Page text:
CNET used an AI to generate automated content for their site, and are definitely in the “finding out” stage from the looks of things:
All told, a pattern quickly emerges. Essentially, CNET’s AI seems to approach a topic by examining similar articles that have already been published and ripping sentences out of them. As it goes, it makes adjustments — sometimes minor, sometimes major — to the original sentence’s syntax, word choice, and structure. Sometimes it mashes two sentences together, or breaks one apart, or assembles chunks into new Frankensentences. Then it seems to repeat the process until it’s cooked up an entire article. […] The question of exactly how CNET’s disastrous AI was trained may end up taking center stage as the drama continues to unfold. At a CNET company meeting late last week […] the outlet’s executive vice president of content and audience refused to tell staff — many of them acclaimed tech journalists who have written extensively about the rise of machine learning — what data had been used to train the AI. The legality of using data to train an AI without the consent of the people who created that data is currently being tested by several lawsuits against the makers of prominent image generators, and could become a flashpoint in the commercialization of the tech.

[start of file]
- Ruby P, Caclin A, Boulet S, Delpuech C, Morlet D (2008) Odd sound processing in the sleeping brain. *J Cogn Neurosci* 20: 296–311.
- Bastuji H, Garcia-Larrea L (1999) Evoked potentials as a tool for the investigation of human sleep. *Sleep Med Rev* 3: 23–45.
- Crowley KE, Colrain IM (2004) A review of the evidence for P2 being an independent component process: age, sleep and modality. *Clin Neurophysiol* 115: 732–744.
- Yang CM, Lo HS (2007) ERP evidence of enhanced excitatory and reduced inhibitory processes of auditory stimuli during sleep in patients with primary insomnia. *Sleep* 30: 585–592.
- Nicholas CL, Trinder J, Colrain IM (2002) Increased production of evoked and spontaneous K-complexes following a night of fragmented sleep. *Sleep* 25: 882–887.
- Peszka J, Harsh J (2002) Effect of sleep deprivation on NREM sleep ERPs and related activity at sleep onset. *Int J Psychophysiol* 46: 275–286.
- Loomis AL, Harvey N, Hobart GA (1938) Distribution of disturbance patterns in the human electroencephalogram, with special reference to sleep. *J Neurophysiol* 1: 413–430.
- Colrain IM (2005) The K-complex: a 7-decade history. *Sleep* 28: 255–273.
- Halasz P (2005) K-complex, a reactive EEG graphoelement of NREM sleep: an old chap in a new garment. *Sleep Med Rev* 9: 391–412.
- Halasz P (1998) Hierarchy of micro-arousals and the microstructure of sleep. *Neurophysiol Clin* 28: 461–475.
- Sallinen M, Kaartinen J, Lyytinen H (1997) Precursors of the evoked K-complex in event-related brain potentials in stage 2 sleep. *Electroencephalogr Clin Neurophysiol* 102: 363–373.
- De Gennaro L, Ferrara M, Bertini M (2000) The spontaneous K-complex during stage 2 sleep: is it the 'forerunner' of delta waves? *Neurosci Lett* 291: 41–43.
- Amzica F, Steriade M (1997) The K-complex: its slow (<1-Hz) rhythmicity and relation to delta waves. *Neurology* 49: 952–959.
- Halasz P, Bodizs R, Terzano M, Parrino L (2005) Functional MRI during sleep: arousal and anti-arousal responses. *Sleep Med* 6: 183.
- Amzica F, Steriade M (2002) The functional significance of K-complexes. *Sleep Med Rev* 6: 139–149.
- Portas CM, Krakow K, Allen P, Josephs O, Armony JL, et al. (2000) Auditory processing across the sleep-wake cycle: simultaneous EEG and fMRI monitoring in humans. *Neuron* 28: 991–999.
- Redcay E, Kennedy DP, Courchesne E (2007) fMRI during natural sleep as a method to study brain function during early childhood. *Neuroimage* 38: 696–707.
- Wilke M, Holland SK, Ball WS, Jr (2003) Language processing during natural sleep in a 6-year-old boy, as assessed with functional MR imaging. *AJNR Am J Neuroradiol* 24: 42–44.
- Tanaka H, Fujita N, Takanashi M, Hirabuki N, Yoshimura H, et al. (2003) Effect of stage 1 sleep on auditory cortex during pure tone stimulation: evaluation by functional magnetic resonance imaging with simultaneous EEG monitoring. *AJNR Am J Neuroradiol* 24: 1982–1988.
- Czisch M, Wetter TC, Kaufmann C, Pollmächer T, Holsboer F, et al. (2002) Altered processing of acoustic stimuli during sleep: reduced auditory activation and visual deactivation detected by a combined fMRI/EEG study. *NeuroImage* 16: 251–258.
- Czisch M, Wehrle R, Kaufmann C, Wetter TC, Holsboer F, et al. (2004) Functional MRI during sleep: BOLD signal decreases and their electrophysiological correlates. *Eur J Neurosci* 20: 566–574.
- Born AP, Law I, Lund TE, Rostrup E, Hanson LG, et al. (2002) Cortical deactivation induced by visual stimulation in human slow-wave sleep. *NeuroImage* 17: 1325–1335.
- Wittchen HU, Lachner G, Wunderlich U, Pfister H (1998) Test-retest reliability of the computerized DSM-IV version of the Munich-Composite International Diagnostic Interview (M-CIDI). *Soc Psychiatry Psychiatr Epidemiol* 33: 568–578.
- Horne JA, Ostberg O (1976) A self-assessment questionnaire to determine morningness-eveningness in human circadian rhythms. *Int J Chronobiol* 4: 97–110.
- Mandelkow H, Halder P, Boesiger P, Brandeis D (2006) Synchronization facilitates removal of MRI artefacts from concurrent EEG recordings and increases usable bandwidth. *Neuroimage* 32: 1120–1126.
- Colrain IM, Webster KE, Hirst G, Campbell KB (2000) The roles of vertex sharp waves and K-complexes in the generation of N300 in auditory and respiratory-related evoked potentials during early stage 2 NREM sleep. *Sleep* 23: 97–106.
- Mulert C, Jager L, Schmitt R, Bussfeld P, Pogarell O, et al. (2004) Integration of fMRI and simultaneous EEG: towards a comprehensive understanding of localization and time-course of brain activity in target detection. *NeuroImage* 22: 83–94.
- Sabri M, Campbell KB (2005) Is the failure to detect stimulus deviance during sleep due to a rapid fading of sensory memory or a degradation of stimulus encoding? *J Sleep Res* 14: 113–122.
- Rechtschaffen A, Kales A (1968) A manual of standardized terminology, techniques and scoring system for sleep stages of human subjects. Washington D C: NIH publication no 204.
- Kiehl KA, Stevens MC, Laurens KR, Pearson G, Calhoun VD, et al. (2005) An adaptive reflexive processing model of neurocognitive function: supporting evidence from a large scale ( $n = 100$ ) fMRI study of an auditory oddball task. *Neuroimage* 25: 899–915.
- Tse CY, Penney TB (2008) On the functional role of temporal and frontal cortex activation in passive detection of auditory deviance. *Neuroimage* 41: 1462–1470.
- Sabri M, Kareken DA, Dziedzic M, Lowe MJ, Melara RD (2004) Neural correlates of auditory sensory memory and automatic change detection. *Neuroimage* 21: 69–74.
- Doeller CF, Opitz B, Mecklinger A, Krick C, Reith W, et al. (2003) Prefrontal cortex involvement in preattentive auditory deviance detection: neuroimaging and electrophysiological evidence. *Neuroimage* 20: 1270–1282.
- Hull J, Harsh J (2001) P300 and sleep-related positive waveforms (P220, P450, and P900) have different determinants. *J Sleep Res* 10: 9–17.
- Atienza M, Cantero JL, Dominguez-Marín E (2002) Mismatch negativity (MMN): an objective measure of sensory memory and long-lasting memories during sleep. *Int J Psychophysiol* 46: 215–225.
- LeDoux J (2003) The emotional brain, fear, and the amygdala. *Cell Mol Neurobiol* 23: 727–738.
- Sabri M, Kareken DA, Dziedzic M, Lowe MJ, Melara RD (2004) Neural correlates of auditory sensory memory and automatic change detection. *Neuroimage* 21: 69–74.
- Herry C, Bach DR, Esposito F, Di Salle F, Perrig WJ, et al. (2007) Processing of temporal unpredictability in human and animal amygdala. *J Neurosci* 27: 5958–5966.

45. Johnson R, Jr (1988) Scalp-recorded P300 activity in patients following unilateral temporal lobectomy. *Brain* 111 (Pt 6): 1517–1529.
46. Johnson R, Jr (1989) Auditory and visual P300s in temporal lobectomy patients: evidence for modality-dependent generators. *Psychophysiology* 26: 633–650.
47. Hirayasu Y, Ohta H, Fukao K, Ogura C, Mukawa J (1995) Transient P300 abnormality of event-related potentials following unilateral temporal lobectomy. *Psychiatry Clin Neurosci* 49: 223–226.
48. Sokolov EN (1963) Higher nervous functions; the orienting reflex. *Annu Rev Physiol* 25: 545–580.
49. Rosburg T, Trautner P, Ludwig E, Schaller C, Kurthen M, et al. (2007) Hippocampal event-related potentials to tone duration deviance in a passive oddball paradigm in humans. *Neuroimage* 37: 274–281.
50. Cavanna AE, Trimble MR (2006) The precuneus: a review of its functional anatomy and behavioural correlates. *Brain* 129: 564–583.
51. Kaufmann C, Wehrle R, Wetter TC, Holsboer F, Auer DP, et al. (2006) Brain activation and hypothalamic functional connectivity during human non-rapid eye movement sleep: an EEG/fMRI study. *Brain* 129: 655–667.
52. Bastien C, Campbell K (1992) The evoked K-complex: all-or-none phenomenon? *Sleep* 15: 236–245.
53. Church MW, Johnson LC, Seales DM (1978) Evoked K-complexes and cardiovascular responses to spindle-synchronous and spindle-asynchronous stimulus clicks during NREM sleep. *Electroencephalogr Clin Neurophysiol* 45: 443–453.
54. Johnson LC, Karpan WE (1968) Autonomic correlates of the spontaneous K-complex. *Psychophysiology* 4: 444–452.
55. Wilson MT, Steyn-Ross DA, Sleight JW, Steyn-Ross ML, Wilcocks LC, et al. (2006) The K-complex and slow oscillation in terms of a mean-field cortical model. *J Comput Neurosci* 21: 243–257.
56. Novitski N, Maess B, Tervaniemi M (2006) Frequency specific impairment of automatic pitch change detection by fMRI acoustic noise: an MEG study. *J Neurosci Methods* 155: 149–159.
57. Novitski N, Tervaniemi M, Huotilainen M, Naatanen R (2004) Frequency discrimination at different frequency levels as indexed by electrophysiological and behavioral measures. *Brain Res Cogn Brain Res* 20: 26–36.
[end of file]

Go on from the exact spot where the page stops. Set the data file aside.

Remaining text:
A Python module to abstract usage of several different types of EPD (electronic paper displays), including Inky and Waveshare hardware.
“a picture frame to show you random AI art every day” — nice little epd/pi hack
looks like Amazon are now exposing a bunch of error metrics for their EC2 instance network drivers in Linux